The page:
Evolution of Etiquette - Hygiene-Concomitant


Experts state that with the advent of culture, social etiquette underwent evolution along three main categories, each of these categories were centered around specific themes that regulated the way people maintained their personal and social lives.

These three categories are −

  • Hygiene
  • Courtesy
  • Cultural norms

Hygiene was centered around sanitation and cleanliness which protect people from diseases, courtesy was centered around survival and social acceptance, whereas cultural norms were established to feel protected in the company of like-minded individuals.

This was termed as concomitance which means, coming into existence as the consequence of an action. Since all three fields are vital to a person’s life, one can understand how encompassing etiquettes are in a person’s life.

Hygiene-concomitant Etiquette was evolved from the need to teach manners to others that prevents disease and its transmission. These etiquettes are taught at a young age, especially as the children are the most vulnerable to diseases and inculcating good hygiene at a young age is going to build a healthy habit in them.

Hygiene-Concomitant Etiquette

On asking children at the age of 12 as to why they were tucking their napkins before drinking soup, sneezing into their handkerchiefs, while others are simply sneezing and coughing into the air, they will all just say “Momma taught us so”. When they are asked why did their mothers teach them that, they would probably draw blanks. By the time people reach puberty, they realize the reason behind why their parents asked them to follow certain codes, however till that time, etiquettes can keep them safe.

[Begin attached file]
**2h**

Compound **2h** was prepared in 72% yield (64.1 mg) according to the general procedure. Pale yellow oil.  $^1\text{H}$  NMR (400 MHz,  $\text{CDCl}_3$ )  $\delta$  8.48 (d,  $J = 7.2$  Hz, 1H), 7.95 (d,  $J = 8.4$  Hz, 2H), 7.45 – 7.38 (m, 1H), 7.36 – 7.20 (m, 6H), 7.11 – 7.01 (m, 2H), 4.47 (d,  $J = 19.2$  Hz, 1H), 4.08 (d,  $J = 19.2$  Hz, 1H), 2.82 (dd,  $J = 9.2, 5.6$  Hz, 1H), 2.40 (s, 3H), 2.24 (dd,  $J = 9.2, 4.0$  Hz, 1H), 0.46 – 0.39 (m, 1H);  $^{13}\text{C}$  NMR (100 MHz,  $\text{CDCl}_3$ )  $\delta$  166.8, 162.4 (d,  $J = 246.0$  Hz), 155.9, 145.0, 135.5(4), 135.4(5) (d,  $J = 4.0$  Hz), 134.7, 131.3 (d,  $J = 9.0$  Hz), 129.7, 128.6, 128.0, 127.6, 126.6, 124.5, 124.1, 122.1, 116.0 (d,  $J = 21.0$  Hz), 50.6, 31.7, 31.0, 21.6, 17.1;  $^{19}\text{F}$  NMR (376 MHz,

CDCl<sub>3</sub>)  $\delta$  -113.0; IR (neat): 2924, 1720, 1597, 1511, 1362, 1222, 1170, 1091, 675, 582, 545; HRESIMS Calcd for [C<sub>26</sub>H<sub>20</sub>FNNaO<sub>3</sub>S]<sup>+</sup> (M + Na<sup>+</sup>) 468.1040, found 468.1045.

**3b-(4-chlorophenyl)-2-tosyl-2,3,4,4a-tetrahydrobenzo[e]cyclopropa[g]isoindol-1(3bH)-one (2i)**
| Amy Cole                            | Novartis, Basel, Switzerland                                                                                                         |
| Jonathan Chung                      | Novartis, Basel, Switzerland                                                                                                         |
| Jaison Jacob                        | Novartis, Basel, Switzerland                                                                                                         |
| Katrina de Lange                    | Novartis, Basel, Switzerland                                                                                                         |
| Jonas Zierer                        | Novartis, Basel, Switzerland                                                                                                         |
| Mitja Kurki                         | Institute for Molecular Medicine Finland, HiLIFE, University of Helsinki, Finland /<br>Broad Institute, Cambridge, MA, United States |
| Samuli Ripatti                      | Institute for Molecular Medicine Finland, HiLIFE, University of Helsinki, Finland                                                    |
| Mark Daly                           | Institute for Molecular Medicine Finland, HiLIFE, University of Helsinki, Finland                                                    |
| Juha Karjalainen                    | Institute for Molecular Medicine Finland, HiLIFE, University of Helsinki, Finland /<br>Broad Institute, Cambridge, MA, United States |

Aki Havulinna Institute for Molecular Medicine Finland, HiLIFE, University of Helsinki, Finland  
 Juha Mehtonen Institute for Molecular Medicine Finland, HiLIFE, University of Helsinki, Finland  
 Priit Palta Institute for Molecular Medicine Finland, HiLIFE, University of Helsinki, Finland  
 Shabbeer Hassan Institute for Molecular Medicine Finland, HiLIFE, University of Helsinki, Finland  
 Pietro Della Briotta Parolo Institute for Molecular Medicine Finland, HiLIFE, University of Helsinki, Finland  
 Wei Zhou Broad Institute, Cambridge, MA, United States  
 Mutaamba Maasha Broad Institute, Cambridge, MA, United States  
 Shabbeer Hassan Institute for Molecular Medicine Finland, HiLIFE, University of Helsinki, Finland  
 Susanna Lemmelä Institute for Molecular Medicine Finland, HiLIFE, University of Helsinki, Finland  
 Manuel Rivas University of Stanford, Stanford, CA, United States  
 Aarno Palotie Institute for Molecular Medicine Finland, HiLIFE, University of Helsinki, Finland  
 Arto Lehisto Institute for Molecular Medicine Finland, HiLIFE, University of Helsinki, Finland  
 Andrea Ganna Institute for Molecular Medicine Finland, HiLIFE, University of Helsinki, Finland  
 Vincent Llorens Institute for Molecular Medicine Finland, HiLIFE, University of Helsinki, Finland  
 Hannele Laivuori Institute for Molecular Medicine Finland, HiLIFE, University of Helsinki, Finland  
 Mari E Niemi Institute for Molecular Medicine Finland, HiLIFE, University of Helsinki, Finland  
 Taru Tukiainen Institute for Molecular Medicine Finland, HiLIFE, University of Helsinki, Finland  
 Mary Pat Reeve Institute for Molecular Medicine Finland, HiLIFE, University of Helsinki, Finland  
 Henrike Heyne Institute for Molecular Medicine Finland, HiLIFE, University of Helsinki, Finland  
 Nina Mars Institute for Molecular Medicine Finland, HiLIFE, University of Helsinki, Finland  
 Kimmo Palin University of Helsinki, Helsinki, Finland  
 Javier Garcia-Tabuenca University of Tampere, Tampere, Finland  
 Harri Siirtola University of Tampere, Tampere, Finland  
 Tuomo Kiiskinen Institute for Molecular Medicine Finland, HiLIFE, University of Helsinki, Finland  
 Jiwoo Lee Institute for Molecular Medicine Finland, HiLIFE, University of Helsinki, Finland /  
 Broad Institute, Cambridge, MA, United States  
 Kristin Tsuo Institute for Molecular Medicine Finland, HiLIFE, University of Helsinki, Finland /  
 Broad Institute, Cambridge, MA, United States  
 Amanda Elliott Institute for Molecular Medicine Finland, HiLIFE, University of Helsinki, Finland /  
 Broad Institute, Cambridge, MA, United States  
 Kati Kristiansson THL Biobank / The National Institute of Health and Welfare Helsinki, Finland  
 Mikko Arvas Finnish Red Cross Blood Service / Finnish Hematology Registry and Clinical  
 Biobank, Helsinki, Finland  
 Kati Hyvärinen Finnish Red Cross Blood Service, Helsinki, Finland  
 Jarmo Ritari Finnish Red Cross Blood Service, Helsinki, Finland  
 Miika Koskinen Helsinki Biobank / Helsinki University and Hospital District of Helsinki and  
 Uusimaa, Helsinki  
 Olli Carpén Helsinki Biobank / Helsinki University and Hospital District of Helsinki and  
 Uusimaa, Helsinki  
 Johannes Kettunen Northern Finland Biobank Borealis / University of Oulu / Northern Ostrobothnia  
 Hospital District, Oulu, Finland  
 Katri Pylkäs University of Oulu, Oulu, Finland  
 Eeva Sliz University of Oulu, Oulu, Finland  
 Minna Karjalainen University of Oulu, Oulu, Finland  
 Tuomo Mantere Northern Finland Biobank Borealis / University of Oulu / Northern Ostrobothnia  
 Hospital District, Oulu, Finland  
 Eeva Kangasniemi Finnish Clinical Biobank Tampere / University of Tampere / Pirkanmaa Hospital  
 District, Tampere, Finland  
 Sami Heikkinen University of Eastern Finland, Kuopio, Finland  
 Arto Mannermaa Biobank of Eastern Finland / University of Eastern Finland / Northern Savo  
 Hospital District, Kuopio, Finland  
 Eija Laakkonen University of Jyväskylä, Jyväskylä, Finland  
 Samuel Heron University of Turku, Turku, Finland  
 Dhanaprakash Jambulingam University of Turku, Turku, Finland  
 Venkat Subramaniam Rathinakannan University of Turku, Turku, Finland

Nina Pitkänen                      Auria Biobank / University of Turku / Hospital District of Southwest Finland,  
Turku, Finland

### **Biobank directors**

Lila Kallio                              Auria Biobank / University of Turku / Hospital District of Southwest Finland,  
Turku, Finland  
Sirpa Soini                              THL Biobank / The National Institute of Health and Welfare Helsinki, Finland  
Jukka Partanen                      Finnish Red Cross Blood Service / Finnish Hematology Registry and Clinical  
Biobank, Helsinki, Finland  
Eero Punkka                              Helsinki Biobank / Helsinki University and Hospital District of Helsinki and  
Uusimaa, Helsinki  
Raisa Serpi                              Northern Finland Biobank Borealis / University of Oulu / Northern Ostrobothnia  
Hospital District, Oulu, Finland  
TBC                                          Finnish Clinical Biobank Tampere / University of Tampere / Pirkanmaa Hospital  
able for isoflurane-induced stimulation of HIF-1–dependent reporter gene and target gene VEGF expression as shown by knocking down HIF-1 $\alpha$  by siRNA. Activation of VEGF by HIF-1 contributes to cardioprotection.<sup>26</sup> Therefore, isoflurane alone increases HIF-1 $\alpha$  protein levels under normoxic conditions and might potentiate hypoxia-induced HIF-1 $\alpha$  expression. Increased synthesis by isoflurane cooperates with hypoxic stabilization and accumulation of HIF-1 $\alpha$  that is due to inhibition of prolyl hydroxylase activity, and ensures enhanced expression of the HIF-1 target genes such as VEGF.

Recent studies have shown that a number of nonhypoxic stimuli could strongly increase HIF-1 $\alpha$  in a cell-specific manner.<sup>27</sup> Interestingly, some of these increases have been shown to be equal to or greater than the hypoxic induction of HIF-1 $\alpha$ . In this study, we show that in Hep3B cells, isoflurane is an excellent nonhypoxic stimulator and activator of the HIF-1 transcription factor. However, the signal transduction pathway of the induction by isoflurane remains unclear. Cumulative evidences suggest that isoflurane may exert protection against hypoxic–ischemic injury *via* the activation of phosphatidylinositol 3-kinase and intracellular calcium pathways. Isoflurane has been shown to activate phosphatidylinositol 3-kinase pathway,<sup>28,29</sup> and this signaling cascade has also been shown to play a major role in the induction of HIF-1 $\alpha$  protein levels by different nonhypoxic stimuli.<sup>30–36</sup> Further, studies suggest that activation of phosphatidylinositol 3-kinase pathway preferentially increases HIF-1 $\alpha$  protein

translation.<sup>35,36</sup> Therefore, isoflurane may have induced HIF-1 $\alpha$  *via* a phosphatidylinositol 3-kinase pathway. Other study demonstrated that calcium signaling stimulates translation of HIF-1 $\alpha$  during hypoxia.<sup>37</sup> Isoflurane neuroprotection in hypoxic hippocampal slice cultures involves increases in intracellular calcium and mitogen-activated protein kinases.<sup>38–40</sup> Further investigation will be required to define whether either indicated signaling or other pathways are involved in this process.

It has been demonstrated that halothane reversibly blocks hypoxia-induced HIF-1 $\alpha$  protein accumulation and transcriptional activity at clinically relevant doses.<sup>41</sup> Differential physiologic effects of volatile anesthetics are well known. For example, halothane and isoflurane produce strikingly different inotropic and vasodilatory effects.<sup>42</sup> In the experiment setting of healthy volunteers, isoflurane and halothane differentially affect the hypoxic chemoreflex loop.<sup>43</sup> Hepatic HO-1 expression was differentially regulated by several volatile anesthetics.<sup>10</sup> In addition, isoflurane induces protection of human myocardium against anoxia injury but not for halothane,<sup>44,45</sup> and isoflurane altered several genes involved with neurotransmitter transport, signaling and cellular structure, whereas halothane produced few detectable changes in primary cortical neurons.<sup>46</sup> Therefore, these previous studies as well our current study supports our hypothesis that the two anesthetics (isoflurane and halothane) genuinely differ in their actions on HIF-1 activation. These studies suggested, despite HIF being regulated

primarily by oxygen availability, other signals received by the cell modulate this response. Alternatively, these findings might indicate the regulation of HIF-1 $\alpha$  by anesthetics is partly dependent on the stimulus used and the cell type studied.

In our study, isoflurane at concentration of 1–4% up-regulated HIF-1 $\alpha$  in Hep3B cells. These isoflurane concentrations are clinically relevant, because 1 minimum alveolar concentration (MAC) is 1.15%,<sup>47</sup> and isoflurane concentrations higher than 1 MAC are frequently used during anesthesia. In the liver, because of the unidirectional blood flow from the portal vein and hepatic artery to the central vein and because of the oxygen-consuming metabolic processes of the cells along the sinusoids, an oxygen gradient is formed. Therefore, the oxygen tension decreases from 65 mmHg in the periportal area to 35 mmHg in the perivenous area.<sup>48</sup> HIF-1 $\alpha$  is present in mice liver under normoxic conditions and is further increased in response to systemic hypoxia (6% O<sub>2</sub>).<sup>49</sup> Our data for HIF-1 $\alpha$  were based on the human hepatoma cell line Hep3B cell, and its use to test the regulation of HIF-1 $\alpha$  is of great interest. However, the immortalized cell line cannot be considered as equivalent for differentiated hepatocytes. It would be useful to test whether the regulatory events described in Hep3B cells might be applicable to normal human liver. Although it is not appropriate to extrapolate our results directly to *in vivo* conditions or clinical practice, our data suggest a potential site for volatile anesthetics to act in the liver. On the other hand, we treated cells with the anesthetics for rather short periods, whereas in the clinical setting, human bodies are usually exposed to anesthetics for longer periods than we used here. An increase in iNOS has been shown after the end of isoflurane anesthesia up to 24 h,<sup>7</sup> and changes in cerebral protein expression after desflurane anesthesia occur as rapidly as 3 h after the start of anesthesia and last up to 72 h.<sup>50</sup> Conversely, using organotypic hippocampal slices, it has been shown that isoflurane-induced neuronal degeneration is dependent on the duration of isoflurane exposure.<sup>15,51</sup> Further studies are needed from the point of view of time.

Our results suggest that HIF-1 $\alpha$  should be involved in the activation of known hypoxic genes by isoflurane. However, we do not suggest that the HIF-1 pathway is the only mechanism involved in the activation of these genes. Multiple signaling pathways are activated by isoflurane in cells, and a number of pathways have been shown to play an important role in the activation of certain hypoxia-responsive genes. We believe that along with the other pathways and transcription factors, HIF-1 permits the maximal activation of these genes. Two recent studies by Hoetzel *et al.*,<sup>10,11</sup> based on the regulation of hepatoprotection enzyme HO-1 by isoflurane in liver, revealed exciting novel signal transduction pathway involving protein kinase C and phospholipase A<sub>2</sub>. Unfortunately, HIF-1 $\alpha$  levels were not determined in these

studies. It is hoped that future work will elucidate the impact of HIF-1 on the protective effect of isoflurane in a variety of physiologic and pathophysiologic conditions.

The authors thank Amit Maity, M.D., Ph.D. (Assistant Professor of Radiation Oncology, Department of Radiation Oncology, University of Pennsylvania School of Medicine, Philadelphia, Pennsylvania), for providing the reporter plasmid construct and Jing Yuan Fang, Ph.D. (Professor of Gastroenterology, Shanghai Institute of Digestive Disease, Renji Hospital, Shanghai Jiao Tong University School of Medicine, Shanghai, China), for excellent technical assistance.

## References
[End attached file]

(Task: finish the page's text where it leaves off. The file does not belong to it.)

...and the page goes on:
Parental discipline and a healthy growing environment is crucial for the success of this etiquette. The purpose is to make these etiquettes a part of their nature by the time they reach adulthood through constant application and practice.

Depending on different households, different children will have different etiquettes like not making a lot of noise at the dining table, not talking with food in mouth, or never sharing a handkerchief with someone else, however schools have now laid down a uniform set of guidelines on hygiene etiquette.

Here is a list of some of such most basic hygiene etiquettes −

  • Using facial tissues to wipe respiratory secretions.

  • Disposing facial tissues in appropriate receptacles.

  • Covering the mouth and nose during coughing and sneezing.

  • Disinfecting hands after accidental contact with respiratory secretions.

  • Keeping a distance of at least 3 feet from others while coughing and sneezing.